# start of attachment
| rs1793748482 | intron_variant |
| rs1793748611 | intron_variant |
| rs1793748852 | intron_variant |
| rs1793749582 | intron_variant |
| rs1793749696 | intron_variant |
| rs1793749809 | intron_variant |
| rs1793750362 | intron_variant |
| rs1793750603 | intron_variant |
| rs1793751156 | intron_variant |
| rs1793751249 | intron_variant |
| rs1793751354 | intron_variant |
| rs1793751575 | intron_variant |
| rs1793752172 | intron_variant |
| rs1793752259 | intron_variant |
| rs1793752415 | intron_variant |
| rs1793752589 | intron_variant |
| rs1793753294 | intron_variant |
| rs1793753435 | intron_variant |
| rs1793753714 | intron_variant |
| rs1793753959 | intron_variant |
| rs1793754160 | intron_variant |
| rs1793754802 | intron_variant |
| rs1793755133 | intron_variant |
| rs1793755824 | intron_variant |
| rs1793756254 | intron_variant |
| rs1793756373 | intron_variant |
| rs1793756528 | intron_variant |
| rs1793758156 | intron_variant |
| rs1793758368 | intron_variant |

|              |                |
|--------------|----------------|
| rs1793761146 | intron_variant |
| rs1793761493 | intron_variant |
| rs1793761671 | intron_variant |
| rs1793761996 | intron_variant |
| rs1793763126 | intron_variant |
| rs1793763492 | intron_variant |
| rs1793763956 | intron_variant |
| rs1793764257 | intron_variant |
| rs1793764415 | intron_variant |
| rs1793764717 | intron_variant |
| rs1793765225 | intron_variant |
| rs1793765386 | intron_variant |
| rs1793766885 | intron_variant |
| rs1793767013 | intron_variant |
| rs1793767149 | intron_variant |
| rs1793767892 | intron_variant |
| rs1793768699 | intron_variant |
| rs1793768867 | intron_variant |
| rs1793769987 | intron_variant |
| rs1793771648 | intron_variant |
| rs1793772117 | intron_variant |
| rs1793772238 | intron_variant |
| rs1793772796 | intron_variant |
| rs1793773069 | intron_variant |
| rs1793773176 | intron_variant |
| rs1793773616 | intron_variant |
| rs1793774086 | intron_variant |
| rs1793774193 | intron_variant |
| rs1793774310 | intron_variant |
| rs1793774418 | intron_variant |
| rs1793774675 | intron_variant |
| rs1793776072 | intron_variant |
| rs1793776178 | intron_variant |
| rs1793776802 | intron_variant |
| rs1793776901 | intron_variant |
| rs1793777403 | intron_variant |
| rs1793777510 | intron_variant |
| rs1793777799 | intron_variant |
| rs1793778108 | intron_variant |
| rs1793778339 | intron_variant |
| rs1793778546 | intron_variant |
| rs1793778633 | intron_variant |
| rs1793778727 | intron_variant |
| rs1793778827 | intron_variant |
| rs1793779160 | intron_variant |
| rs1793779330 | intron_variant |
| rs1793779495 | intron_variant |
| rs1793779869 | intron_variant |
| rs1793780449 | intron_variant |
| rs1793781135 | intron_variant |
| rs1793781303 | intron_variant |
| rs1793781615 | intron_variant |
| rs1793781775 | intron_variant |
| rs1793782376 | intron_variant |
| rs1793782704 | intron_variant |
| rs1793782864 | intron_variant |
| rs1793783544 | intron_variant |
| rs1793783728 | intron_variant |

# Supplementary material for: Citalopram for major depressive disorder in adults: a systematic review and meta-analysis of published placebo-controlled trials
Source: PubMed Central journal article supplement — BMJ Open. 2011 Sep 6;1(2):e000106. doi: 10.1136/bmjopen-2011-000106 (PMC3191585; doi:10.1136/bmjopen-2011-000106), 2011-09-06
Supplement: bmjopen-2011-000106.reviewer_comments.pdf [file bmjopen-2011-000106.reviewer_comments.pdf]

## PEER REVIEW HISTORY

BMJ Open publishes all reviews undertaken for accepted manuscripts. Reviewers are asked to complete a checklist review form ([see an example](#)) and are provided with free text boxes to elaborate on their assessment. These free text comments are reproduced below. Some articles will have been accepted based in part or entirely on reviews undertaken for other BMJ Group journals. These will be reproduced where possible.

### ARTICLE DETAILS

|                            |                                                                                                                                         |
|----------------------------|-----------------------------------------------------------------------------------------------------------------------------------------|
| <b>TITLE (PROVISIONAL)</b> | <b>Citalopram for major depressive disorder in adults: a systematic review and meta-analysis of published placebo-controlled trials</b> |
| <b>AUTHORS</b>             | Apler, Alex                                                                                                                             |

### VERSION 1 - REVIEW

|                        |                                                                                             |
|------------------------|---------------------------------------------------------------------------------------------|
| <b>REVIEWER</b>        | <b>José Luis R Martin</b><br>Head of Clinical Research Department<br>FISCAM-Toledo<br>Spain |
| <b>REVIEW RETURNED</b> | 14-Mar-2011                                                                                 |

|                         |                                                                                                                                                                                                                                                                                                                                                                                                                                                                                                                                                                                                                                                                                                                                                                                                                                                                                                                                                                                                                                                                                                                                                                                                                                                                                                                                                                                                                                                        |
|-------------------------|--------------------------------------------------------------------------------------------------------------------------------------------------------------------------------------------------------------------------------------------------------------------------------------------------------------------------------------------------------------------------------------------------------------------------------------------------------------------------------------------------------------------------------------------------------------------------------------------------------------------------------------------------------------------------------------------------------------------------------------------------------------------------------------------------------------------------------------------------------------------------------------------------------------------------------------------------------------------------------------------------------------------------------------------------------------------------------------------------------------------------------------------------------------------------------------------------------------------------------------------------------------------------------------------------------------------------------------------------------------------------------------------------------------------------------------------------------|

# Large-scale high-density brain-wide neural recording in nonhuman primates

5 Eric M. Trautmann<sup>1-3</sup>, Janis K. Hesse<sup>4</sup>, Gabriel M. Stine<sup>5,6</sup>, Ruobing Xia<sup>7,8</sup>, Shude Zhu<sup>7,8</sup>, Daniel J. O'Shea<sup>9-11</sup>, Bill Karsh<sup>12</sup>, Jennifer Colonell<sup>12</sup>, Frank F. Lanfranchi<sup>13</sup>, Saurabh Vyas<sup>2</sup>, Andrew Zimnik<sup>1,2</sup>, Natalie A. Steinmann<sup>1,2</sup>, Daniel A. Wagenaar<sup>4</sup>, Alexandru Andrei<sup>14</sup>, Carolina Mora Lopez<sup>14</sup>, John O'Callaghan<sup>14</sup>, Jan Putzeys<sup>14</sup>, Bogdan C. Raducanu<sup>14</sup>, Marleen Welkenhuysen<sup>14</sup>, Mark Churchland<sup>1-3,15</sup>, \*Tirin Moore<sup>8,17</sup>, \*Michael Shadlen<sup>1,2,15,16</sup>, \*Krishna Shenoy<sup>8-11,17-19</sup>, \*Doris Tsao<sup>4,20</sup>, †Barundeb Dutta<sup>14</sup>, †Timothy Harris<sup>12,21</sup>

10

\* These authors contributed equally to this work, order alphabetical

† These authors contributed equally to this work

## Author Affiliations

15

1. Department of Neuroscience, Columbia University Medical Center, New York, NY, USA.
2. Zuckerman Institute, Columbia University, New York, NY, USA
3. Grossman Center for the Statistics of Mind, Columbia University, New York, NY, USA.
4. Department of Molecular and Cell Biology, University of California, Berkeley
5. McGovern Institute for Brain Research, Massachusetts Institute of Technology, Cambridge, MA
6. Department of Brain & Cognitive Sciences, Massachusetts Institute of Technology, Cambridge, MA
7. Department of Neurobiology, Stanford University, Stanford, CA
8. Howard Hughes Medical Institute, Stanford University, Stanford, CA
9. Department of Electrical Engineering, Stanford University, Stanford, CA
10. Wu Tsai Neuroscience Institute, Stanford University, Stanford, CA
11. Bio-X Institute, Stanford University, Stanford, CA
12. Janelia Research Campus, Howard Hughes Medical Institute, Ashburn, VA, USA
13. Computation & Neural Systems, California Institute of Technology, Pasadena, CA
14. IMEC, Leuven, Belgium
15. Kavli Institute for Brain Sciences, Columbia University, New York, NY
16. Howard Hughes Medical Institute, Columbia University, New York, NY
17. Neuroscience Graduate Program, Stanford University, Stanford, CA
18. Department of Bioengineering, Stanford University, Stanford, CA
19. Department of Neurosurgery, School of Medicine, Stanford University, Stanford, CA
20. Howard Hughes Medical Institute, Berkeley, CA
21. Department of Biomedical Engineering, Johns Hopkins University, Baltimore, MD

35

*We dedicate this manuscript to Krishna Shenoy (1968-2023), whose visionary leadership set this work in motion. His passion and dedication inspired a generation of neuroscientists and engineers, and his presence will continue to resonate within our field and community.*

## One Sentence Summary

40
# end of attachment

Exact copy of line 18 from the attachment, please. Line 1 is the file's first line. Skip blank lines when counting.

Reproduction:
| rs1793753435 | intron_variant |